High Res Photo of Jennifer Granick
Photo credit: Michael Sugrue
Reply brief in support of January 2019 objections to magistrate judge's report and recommendation.
"In a pilot venture with SiriusXM Satellite Radio, Stanford is launching two talk programs hosted by faculty members: The Future of Everything, focused on engineering, science and technology, and School’s In, focused on teaching, learning and education.
"Jennifer Granick of the Stanford Center for Internet and Society has argued that a Microsoft win could mean these cases are decided in countries with fewer privacy protections, and drive more companies to "localize" data in places where authorities can't access it."
"“Standing has been a barrier in cases that seek to vindicate people’s privacy rights,” said Jennifer Granick, a Stanford Law School professor. “It’s a serious issue in conducting constitutional litigation, and this case is no different.”"
Jennifer Stisa Granick, the Director of Civil Liberties at Stanford Law School’s Center for Internet and Society, is an expert in computer crime and security, electronic surveillance, security vulnerability disclosure, encryption policy, and the Fourth Amendment.
JENNIFER GRANICK, lecturer-in-law and director of civil liberties at the Stanford Center for Internet and Society, won the 2016 IIT Chicago-Kent College of Law/Roy C. Palmer Civil Liberties Prize for her book American Spies: Modern Surveillance, Why You Should Care, and What to Do About It.
For more information visit: http://law.scu.edu/hightech/2013-internet-law-wip.cfm
In the realm of big data, privacy is a significant, and often controversial, issue. In this clip, Jennifer Granick takes on the alleged trade-off between “privacy versus security,” and proposes an alternate framing. She is the Director of Civil Liberties at the Center for Internet and Society at Stanford Law School.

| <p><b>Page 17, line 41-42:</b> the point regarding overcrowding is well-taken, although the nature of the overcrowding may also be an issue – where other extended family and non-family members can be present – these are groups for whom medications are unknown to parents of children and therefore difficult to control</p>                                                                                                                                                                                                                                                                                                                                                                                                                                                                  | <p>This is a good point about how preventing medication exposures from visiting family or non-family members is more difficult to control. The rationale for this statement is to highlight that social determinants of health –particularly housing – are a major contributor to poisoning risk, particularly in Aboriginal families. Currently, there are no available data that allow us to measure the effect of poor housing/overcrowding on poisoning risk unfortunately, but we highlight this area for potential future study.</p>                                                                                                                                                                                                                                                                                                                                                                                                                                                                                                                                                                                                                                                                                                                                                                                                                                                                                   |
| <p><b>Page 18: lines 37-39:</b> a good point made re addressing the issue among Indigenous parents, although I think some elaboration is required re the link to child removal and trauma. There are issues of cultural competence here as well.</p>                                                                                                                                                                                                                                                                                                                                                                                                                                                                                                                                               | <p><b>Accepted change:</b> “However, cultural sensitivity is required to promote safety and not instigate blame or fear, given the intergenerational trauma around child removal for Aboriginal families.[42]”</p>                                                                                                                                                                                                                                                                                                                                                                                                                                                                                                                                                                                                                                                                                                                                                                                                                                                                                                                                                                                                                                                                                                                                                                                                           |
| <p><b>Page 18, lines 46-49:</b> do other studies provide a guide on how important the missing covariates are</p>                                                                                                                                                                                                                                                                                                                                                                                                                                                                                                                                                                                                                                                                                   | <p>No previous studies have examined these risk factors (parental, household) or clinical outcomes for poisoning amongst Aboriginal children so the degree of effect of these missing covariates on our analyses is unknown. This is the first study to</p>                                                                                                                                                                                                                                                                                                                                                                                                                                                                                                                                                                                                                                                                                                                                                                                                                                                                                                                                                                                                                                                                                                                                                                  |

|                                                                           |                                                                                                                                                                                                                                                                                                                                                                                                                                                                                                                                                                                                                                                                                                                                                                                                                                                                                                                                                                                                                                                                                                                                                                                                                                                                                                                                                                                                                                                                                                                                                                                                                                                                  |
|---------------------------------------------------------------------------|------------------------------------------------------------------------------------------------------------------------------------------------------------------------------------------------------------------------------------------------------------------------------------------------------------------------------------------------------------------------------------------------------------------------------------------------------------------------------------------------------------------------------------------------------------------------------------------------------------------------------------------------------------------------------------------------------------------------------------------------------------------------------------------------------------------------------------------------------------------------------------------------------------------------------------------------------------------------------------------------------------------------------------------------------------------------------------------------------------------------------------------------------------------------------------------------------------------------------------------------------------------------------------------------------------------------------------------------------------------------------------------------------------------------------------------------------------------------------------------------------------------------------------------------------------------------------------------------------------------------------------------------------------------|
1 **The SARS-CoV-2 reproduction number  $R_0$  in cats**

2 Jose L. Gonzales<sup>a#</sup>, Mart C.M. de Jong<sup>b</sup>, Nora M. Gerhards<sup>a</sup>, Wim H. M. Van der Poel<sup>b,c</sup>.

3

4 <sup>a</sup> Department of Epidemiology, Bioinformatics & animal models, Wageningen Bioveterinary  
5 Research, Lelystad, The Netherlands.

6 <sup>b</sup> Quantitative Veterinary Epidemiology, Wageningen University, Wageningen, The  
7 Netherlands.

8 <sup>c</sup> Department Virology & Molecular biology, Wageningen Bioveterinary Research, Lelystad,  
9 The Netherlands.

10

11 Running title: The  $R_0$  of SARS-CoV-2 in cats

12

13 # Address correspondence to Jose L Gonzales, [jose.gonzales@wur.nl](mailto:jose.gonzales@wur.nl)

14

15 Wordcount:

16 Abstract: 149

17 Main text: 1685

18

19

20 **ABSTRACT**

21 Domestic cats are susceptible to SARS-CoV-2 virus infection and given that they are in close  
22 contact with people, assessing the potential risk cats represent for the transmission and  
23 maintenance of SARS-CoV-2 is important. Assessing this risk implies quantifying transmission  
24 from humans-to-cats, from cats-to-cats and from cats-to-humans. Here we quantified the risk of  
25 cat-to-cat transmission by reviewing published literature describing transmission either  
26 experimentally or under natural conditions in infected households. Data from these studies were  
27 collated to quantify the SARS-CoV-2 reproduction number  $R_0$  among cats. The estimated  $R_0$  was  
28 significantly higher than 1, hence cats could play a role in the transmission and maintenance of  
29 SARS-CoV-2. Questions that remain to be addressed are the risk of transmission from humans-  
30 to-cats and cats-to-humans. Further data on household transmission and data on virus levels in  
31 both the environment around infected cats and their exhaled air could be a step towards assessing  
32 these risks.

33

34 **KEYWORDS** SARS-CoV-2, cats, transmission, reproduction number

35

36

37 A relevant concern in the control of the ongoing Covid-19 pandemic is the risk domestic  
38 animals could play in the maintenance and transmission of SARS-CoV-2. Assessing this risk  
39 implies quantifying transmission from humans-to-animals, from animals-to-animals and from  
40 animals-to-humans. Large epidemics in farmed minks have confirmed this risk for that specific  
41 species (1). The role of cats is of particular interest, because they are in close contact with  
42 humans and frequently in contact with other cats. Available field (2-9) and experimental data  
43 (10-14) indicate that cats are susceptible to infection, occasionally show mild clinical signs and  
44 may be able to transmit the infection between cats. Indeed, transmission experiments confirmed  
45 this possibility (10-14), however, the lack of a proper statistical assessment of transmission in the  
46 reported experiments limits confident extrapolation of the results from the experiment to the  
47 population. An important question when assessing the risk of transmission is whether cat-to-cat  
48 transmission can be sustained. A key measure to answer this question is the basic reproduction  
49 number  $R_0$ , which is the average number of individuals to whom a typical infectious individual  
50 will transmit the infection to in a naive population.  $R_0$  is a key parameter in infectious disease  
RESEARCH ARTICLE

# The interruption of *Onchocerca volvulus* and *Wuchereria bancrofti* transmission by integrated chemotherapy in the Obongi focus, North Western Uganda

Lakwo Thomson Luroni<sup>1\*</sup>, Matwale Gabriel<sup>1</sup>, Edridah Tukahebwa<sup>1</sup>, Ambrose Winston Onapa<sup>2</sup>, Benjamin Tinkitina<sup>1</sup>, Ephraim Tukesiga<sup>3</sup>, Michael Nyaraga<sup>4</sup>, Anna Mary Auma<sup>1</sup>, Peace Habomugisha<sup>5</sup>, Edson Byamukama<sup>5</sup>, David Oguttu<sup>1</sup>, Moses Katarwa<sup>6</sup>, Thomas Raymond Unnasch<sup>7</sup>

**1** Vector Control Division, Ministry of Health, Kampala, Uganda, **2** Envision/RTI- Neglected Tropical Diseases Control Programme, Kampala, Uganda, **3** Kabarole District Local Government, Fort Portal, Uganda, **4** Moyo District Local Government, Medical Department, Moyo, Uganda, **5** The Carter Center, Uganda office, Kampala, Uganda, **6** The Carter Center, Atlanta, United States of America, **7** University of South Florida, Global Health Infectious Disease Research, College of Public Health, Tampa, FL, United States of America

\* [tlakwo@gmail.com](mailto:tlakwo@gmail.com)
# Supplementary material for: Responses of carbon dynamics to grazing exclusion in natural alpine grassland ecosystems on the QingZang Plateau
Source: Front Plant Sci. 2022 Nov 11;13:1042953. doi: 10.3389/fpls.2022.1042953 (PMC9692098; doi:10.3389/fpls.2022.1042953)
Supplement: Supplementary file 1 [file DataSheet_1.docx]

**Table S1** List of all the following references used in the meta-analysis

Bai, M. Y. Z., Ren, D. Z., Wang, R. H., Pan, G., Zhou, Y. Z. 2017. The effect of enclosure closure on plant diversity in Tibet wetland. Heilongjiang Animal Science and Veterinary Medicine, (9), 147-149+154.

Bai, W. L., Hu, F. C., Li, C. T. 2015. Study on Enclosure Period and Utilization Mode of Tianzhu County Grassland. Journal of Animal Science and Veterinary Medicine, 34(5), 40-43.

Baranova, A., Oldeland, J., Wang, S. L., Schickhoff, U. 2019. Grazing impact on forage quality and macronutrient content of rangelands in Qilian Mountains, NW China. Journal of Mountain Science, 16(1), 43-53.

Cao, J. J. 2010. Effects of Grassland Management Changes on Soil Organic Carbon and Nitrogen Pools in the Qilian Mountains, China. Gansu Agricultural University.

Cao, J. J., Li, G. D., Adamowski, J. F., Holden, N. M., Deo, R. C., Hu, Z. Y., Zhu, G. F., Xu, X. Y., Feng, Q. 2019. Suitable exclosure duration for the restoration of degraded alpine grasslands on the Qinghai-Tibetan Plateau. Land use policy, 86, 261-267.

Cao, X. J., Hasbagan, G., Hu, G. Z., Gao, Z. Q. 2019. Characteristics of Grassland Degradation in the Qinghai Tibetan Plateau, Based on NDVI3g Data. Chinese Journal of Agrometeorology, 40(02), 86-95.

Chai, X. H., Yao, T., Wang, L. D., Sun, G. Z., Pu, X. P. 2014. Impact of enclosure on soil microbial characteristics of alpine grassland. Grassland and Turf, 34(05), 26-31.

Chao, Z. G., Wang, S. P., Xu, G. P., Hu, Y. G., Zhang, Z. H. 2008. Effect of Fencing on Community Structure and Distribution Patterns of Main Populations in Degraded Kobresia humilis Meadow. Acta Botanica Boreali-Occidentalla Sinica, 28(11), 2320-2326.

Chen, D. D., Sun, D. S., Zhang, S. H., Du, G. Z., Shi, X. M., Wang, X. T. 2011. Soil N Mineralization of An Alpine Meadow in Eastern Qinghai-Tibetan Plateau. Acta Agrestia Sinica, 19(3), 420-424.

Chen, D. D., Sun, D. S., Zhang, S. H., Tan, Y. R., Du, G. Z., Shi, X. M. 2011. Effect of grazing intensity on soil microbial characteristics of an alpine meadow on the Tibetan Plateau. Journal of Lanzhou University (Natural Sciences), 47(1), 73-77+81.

This video is a preview of Worldview Stanford's unique online and on-campus course, Behind and Beyond Big Data. We are currently accepting applications for the course. Learn more and apply here: worldview.stanford.edu/course/behind-and-beyond-big-data
The director of civil liberties for the Center for Internet and Society at Stanford Law School discusses net neutrality, privacy and the NSA.
"State of Surveillance" examines new technologies police departments are using to fight crime and the civil liberties concerns raised by these tools.
Law enforcement agencies say that many of the technologies make it easier to solve and, in some cases, even prevent crime. But privacy advocates warn that expanded databases could become dragnets that are increasingly populated with information about law-abiding citizens.
The following is audio of the conference last week in Austin hosted by the Intelligence Studies Project, a joint venture of the Strauss Center and Clements Center at the University of Texas at Austin. The conference was entitled, “The National Security Agency at the Crossroads.”
The Internet makes lives better, around the world, in ways people couldn't have imagined not even a decade ago. It sparks prosperity, inspires dissent, improves education, and encourages freedom. But all of the good it does is under threat, largely from governments. David Drummond will discuss where those threats are coming from, and the critical importance for us all that we overcome them. Drummond joined Google in 2002, initially as vice president of corporate development.